Canada’s mining industry has made significant improvement in its environmental performance on many fronts from 1998 to 2008, according to a federal government publication. The “Mining Sector Performance Report” was produced by Natural Resources Canada in consultation with an external advisory committee. It included representation from industry, academia, provincial governments, Aboriginal groups and non-governmental organizations.
“One cannot report on the industry’s performance without noting the significant progress in environmental protection,” said the report. “The mining sector, through multi-stakeholder initiatives, regulatory and financial instruments and science and technology has demonstrated its environmental commitment through reductions in energy intensity, air emissions and greenhouse gas emissions, as well as increases in environmental expenditures, including remediation and decommissioning.”
“This change in performance has taken place against a backdrop of rising public expectations, which has challenged the industry to extend its practices beyond regulatory compliance to environmental stewardship.”
There has been a tremendous growth in investments in the environment. Between 1997 and 2006, environmental expenditures on operating costs rose from $796.1 million to $960.9 million and environmental capital expenditure increased from $420.9 million to $453.6 million over the same time period.
The report shows that with stricter regulations mining facilities maintained a compliance rate of more than 99% in the handling of specific effluents and the protection of fish and fish habitats. The industry demonstrated significant progress in the energy intensity area with a 10% improvement in primary metal mining and a 40% improvement in mineral manufacturing.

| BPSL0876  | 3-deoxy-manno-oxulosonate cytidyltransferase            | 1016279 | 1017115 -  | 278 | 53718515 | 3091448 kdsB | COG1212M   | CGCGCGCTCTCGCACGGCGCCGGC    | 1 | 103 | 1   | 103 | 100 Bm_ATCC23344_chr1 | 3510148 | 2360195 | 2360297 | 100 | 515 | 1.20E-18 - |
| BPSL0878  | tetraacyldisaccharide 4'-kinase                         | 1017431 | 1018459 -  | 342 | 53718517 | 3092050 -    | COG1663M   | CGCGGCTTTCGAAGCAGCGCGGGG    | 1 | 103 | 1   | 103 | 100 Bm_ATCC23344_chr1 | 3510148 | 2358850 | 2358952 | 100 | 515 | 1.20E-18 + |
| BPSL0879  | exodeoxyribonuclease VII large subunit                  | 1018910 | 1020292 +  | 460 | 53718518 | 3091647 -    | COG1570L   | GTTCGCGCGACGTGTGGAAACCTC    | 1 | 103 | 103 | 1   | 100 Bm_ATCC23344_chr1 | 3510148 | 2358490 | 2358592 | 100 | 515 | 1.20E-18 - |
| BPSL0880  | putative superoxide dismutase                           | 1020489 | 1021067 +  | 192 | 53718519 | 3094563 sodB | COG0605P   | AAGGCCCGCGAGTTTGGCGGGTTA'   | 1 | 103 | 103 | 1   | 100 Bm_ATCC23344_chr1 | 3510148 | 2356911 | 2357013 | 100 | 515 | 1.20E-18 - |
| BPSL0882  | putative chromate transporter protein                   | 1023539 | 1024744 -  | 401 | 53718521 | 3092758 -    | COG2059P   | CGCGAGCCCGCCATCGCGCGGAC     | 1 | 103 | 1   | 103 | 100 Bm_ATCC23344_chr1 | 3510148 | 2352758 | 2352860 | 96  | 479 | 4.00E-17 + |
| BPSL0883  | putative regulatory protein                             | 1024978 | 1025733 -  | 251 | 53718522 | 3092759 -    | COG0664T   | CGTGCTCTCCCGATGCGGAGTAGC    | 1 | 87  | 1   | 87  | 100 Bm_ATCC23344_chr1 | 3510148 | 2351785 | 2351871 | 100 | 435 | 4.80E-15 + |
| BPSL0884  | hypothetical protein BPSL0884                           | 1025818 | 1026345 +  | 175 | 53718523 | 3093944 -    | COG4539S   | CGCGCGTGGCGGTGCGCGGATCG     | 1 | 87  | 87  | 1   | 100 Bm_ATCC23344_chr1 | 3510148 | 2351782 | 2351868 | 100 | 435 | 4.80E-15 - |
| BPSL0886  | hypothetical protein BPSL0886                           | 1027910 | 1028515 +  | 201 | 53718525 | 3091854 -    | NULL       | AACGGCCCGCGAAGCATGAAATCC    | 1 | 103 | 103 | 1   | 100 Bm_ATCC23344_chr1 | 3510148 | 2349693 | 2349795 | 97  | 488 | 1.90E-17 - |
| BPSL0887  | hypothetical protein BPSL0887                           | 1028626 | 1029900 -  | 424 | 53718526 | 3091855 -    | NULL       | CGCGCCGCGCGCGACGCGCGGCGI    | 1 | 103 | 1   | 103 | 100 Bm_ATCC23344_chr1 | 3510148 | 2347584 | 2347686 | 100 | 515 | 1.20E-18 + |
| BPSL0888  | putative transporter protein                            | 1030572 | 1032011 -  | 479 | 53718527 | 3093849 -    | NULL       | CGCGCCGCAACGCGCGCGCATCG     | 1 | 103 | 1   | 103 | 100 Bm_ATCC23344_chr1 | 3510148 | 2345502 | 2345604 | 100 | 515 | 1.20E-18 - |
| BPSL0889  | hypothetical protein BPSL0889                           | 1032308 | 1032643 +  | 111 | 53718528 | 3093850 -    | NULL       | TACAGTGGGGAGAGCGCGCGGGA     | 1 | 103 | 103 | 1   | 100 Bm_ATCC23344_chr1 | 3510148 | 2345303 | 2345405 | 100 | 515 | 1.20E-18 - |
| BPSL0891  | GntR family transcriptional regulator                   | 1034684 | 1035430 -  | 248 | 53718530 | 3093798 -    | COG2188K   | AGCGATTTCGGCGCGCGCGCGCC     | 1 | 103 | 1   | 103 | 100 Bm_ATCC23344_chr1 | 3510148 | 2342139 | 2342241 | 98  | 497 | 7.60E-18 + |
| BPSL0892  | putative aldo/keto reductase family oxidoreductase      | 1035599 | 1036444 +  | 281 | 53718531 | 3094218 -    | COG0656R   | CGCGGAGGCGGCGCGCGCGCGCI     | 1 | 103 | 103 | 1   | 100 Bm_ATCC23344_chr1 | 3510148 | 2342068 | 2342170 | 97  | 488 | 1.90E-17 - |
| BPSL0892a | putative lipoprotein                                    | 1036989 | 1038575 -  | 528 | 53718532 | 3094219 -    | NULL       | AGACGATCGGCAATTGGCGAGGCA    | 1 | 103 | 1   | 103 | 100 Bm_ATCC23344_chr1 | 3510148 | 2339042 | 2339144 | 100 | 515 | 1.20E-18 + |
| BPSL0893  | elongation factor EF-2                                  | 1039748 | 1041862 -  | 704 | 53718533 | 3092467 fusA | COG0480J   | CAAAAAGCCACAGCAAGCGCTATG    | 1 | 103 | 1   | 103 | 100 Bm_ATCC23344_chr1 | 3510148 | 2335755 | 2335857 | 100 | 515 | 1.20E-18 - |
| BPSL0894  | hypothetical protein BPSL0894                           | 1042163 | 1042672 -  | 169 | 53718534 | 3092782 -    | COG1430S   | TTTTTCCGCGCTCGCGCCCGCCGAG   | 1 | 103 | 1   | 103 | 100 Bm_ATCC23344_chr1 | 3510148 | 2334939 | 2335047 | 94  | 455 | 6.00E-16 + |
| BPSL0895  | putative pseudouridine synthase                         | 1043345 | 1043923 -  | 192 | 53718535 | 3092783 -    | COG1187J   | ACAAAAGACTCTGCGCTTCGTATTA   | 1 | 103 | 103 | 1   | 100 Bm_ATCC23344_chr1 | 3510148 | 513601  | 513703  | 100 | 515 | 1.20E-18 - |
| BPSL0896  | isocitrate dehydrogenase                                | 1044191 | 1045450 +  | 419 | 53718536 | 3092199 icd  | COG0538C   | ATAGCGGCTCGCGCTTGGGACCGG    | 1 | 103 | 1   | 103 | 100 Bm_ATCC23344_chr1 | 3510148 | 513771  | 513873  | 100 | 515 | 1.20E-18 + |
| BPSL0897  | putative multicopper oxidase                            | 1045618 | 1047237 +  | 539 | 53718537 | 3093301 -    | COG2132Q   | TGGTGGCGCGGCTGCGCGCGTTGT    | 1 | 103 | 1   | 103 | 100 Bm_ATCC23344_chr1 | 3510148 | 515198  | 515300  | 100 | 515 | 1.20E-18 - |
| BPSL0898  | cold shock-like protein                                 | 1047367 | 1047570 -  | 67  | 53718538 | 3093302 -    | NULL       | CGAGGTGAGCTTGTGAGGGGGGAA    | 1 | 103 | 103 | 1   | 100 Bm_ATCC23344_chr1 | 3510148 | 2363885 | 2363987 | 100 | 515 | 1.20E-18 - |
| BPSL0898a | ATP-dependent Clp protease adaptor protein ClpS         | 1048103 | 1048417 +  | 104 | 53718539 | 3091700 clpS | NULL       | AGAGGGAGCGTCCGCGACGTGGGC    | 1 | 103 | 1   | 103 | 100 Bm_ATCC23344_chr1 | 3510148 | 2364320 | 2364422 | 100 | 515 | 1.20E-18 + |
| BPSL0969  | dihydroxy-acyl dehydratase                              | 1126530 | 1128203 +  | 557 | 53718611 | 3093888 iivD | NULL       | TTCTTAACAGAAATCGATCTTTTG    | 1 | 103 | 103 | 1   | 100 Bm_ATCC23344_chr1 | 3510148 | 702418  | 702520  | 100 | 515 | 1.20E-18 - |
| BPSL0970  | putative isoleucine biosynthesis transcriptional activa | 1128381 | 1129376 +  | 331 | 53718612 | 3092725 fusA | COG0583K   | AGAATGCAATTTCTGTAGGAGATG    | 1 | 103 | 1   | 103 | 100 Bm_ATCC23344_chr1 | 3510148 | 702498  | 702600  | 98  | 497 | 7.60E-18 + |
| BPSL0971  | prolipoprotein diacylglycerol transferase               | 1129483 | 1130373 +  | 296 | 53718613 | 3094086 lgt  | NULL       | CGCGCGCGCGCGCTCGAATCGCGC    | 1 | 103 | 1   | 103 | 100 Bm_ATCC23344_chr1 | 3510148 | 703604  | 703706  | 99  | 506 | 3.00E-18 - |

Emissions of carbon dioxide equivalent fell per unit of production for all portions of the mining sector. Also, from 1997 to 2007, the mining industry did a good job reducing SOx emissions, which are rich in sulphur by 24%, NOx, which are rich in nitrogen by 32%, and particulate matter of two different sizes by 23% and 42%, respectively.
During the period examined in this study, mining companies made regular and significant expenditures on mine reclamation and decommissioning activities. In addition, the National Orphaned/Abandoned Mines Initiative (NOAMI), which is a joint government, industry and public body, has made progress in cleaning up old mine sites. It also has established guidelines and developed policy frameworks for reclamation activities.
“Over the past 10 years, new scientific research, regulatory systems, oversight and industry actions have led to continuous improvements in the sector’s environmental performance,” said the publication. “Nonetheless, reducing the environmental impacts of the minerals and metals industries will continue to be one of the most significant and important challenges. The industry’s public image is closely tied to its environmental performance.”
The Ontario Mining Association’s Environment Committee, which has broad representation from member companies, is engaged in dealing with a plethora of environmental issues. It plays an important role in helping the entire industry make progress on a number of fronts noted in the “Mining Sector Performance Report.” This document can be found at http://www.nrcan-rncan.gc.ca/mms-smm/pubr-pubr/mspr-rpsm-eng.htm.
The next meeting of the Ontario Mining Association Environment Committee is Wednesday, March 30, 3011.
The OMA is working in cooperation with Laurentian University, the Canadian Land Reclamation Association and the CLRA Ontario Chapter to stage the “Reclaiming the Future of Mining” conference in Sudbury June 25 to 30, 2011.